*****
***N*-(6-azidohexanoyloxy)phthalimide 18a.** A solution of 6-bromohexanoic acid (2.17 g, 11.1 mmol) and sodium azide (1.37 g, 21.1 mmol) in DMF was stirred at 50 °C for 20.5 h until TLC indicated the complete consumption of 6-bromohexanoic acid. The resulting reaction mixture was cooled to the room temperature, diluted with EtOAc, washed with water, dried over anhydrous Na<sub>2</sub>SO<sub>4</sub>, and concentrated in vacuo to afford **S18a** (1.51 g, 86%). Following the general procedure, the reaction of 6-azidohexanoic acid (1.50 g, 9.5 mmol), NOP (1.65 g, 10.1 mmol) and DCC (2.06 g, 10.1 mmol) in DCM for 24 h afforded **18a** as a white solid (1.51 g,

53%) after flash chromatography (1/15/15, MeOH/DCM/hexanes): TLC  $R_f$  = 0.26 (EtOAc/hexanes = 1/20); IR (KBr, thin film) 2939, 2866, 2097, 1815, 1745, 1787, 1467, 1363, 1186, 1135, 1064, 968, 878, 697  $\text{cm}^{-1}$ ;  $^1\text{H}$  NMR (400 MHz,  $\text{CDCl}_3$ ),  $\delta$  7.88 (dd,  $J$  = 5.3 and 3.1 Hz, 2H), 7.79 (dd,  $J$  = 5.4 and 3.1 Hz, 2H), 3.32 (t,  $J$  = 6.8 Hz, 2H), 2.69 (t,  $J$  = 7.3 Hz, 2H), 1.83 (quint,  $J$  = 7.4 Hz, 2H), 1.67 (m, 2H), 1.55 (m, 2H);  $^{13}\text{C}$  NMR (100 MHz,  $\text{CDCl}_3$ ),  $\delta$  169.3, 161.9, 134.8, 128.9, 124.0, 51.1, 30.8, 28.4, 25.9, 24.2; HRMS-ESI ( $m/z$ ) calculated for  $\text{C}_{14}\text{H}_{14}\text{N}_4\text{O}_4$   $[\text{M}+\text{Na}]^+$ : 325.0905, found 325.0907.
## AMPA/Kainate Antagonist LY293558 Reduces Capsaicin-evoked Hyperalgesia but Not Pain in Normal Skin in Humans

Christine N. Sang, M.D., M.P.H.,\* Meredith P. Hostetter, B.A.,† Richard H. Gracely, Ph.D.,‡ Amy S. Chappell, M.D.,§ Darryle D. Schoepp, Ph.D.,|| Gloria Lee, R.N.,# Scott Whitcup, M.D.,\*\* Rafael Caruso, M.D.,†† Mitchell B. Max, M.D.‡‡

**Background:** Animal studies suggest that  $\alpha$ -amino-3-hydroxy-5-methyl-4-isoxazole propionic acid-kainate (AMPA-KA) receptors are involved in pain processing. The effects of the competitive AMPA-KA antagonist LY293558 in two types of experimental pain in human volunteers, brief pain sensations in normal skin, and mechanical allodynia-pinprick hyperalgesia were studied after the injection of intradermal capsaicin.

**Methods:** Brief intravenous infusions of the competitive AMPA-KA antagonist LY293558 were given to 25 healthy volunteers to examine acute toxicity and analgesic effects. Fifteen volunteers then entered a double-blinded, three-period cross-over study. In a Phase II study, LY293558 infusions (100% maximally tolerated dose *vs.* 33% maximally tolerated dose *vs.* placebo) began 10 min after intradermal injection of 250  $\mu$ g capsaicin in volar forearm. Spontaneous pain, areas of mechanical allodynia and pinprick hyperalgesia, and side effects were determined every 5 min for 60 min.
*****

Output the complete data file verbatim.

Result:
***N*-(6-azidohexanoyloxy)phthalimide 18a.** A solution of 6-bromohexanoic acid (2.17 g, 11.1 mmol) and sodium azide (1.37 g, 21.1 mmol) in DMF was stirred at 50 °C for 20.5 h until TLC indicated the complete consumption of 6-bromohexanoic acid. The resulting reaction mixture was cooled to the room temperature, diluted with EtOAc, washed with water, dried over anhydrous Na<sub>2</sub>SO<sub>4</sub>, and concentrated in vacuo to afford **S18a** (1.51 g, 86%). Following the general procedure, the reaction of 6-azidohexanoic acid (1.50 g, 9.5 mmol), NOP (1.65 g, 10.1 mmol) and DCC (2.06 g, 10.1 mmol) in DCM for 24 h afforded **18a** as a white solid (1.51 g,

53%) after flash chromatography (1/15/15, MeOH/DCM/hexanes): TLC  $R_f$  = 0.26 (EtOAc/hexanes = 1/20); IR (KBr, thin film) 2939, 2866, 2097, 1815, 1745, 1787, 1467, 1363, 1186, 1135, 1064, 968, 878, 697  $\text{cm}^{-1}$ ;  $^1\text{H}$  NMR (400 MHz,  $\text{CDCl}_3$ ),  $\delta$  7.88 (dd,  $J$  = 5.3 and 3.1 Hz, 2H), 7.79 (dd,  $J$  = 5.4 and 3.1 Hz, 2H), 3.32 (t,  $J$  = 6.8 Hz, 2H), 2.69 (t,  $J$  = 7.3 Hz, 2H), 1.83 (quint,  $J$  = 7.4 Hz, 2H), 1.67 (m, 2H), 1.55 (m, 2H);  $^{13}\text{C}$  NMR (100 MHz,  $\text{CDCl}_3$ ),  $\delta$  169.3, 161.9, 134.8, 128.9, 124.0, 51.1, 30.8, 28.4, 25.9, 24.2; HRMS-ESI ( $m/z$ ) calculated for  $\text{C}_{14}\text{H}_{14}\text{N}_4\text{O}_4$   $[\text{M}+\text{Na}]^+$ : 325.0905, found 325.0907.
## AMPA/Kainate Antagonist LY293558 Reduces Capsaicin-evoked Hyperalgesia but Not Pain in Normal Skin in Humans

Christine N. Sang, M.D., M.P.H.,\* Meredith P. Hostetter, B.A.,† Richard H. Gracely, Ph.D.,‡ Amy S. Chappell, M.D.,§ Darryle D. Schoepp, Ph.D.,|| Gloria Lee, R.N.,# Scott Whitcup, M.D.,\*\* Rafael Caruso, M.D.,†† Mitchell B. Max, M.D.‡‡

**Background:** Animal studies suggest that  $\alpha$ -amino-3-hydroxy-5-methyl-4-isoxazole propionic acid-kainate (AMPA-KA) receptors are involved in pain processing. The effects of the competitive AMPA-KA antagonist LY293558 in two types of experimental pain in human volunteers, brief pain sensations in normal skin, and mechanical allodynia-pinprick hyperalgesia were studied after the injection of intradermal capsaicin.

**Methods:** Brief intravenous infusions of the competitive AMPA-KA antagonist LY293558 were given to 25 healthy volunteers to examine acute toxicity and analgesic effects. Fifteen volunteers then entered a double-blinded, three-period cross-over study. In a Phase II study, LY293558 infusions (100% maximally tolerated dose *vs.* 33% maximally tolerated dose *vs.* placebo) began 10 min after intradermal injection of 250  $\mu$ g capsaicin in volar forearm. Spontaneous pain, areas of mechanical allodynia and pinprick hyperalgesia, and side effects were determined every 5 min for 60 min.